IN OUR COLUMN on May 24, we wrote that “Hazel” was back! On June 1, 2013, Hazel, a not quite fledgling crow, was picked up, soaked with rain standing on a state highway in northern New Hampshire. A longtime reader took her home and kept her in a shed until she could fly. Then the shed door was left open so she could fly free at will. Hazel hung around outside the house and was fed all summer. She frequently came in the house for hamburg and scrambled eggs. In August, she took up with a flock of wild crows and later joined them for their winter trip.
Our reader’s letter, written on May 12, will be quoted in part and explain her activities so far this year. “When she didn’t return with the other crows this spring, I just knew something had happened with her and we were concerned that she may have been killed. On the morning of April 7, I had to go to town. When I came home, I looked up in the yard and thought my daughter was trying to fly. Her arms were flapping up and down. She said, ‘Hazel is back!’ Then added: ‘She lit on the telephone pole she always used to land on, then came down to get bread off the stump we had put out for the ravens.’
“My daughter went to the refrigerator for more food. She did get Hazel to come in and take some. Hazel was skittish but within two dyas she would land on my daughter’s arm. I had a beard that I did not have last year and she wouldn’t come very close. After I shaved off the beard and had taken a couple of walks with her, she landed on my arm and was right back to being Hazel.
“Hazel gets here at 5:30 or 6 a.m. and starts yakking. My daughter opens her bedroom window and Hazel comes right in. When Hazel first returned in April her nose was running and she had a cough. We talked with a knowledgeable bird person and was told the crow needed medication and should be weighed. She weighed 1 pound. We treated her twice a day for a week and she is fine now.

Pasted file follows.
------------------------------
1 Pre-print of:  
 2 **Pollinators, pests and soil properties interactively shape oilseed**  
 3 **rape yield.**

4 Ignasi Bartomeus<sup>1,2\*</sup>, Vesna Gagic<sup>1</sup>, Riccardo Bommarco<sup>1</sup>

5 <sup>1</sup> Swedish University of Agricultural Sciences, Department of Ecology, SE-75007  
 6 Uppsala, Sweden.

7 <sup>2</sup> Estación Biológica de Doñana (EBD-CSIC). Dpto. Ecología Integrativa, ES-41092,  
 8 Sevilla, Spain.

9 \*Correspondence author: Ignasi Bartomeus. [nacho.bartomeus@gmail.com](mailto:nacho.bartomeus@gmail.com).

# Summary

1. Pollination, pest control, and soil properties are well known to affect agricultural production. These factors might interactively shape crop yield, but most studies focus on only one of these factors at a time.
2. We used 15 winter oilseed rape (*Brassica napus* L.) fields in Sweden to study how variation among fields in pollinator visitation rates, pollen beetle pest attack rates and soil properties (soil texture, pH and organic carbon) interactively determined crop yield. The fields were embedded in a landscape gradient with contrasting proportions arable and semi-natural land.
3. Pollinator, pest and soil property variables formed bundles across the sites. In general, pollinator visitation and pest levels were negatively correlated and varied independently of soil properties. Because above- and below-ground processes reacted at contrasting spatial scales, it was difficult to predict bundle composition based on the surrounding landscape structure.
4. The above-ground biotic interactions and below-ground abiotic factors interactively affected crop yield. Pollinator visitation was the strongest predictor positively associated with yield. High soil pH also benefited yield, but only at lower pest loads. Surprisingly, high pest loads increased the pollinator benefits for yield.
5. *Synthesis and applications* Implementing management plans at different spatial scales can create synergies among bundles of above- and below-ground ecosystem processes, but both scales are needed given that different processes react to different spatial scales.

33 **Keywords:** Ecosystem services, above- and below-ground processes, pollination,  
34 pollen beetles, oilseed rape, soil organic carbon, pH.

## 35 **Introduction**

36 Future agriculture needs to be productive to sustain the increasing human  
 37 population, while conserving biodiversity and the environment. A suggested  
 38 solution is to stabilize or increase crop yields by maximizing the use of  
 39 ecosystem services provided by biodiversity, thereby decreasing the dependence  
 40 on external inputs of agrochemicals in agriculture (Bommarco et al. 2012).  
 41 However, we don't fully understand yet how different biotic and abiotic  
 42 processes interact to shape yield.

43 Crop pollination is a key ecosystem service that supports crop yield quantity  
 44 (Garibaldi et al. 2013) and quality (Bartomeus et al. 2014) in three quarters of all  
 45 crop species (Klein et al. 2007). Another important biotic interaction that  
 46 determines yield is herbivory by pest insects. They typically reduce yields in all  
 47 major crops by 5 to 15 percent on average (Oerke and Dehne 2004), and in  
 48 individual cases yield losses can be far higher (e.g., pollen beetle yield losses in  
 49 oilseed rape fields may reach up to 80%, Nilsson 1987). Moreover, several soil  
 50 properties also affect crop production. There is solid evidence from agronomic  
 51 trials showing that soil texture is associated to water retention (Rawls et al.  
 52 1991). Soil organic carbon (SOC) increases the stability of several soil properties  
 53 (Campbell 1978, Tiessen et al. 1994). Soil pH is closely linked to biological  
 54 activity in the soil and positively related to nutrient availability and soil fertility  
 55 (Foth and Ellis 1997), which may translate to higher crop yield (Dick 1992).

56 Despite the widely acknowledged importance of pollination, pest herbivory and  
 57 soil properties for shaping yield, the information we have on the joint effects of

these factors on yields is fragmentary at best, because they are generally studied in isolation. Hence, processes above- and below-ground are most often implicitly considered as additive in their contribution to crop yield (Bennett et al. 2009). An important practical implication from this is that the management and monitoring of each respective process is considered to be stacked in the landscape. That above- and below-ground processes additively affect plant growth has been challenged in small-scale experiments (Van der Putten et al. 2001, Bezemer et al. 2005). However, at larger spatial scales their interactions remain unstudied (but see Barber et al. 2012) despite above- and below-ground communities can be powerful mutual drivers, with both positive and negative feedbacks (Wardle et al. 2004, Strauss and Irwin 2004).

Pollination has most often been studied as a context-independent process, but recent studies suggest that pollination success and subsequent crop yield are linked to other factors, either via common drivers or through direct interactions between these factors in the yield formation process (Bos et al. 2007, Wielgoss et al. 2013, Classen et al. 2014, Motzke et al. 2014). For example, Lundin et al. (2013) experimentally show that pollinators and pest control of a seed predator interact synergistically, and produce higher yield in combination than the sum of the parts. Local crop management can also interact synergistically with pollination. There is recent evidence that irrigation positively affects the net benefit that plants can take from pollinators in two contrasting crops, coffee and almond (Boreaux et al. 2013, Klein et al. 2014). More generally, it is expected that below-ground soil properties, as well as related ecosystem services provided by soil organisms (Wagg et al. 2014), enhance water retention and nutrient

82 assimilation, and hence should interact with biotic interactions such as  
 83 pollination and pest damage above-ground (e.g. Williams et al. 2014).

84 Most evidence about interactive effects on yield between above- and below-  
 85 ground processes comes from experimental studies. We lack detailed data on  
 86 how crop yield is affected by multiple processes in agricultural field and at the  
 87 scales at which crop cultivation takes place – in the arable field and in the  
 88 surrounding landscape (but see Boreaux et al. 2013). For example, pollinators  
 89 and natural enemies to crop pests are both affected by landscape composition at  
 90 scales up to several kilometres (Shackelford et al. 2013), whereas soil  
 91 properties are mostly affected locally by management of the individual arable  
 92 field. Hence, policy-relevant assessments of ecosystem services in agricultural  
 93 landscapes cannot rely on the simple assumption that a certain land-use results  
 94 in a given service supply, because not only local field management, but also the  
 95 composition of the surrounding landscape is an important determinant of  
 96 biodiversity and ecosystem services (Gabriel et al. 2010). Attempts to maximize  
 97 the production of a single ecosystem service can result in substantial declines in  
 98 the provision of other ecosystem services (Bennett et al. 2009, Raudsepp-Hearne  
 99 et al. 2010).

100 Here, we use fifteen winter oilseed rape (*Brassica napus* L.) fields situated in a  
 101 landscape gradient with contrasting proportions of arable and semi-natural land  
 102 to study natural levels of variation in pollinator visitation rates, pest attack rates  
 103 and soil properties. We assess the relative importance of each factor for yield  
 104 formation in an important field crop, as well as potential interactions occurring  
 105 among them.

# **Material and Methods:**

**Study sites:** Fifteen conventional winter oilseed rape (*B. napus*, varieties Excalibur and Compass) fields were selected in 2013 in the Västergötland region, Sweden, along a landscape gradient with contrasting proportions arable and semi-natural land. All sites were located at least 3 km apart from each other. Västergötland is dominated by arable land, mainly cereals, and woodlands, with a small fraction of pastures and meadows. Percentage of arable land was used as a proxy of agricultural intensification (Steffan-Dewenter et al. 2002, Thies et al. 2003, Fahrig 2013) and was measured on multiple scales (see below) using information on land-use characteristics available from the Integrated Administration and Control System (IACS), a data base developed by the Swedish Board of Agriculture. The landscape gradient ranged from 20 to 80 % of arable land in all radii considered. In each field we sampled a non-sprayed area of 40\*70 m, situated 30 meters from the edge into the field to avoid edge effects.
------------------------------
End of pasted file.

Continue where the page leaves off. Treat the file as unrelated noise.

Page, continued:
“Hazel shows no sign of wanting to nest. Maybe they don’t in their first year. We have a real good time with her — she’s a lot of fun and makes a lot of different noises. She fluffs up and looks twice her size when she takes a bath.
“I would like to know where she was during her six-month absence. I never thought we would see her again.”
Also, in our column on May 24, we included a letter from a reader who described the different wildlife that enjoy peanuts. A gentleman who lives in Mason also wrote about peanuts as being attractive to wildlife. His letter read in part: “I enjoy very much reading you in the ‘Union Leader Saturday Features.’ I also purchased your book, ‘Stacey Cole’s New Hampshire,’ which I read every night before retiring.
“We moved to New Hampshire about seven years ago. We bought 4.5 acres of land where we built a small home and a barn. My wife has a white Arabian Wizard and a brown Morgan Grace, and we have four chickens, two dogs and a cat.
“I love all the wildlife around here. My friend who helps around here places a peanut on the fence each morning and the crows love it. It’s fun watching them hop along the fence and snatch the nuts. He also tosses a handful on top of a run that crows, blue jays and other birds come to.“I saw a small nuthatch one day flying along with a big peanut in his mouth. I was wondering how this was possible as the nut was nearly as big as him until one day I saw him land on the fence, peck a hole in the peanut, then fly off with the nut. Very smart little bird!“The chipmunks also love peanuts. When we tossed them peanuts, it was fun watching them put them in their cheeks and scurry back home. We had one chipmunk that would come when we called ‘Chip’ and he would let us feed him by hand.
“We go through peanuts, as it seems to be a snack of choice by both birds and animals. We had some wild turkeys come through the yard. We would toss them some cracked corn, which they would peck at, but when the peanuts came out, stop everything! We had one of the toms eating out of our hand. They would even recognize my friend’s truck when he pulled in in the morning. They would come hobbling up for some peanuts. Strange thing, when we got this last snowstorm, the turkeys vanished. Where do they go? A couple of weeks ago, about seven of them returned. Not sure if they were the same ones as before. This time the hens would come up close for the peanuts but the tom stayed back.”
During a storm, wild turkeys spend more daylight hours roosting in trees for protection. With respect to their later appearance, when the hens would take peanuts, but the tom would not, it appears “love” was in the air. The tom’s mind was only interested in increasing a future population.
Stacey Cole’s address is 529 W. Swanzey Road, Swanzey, NH 03446. “Stacey Cole’s New Hampshire: A Lyrical Landscape” is available at Amazon.com.ooks.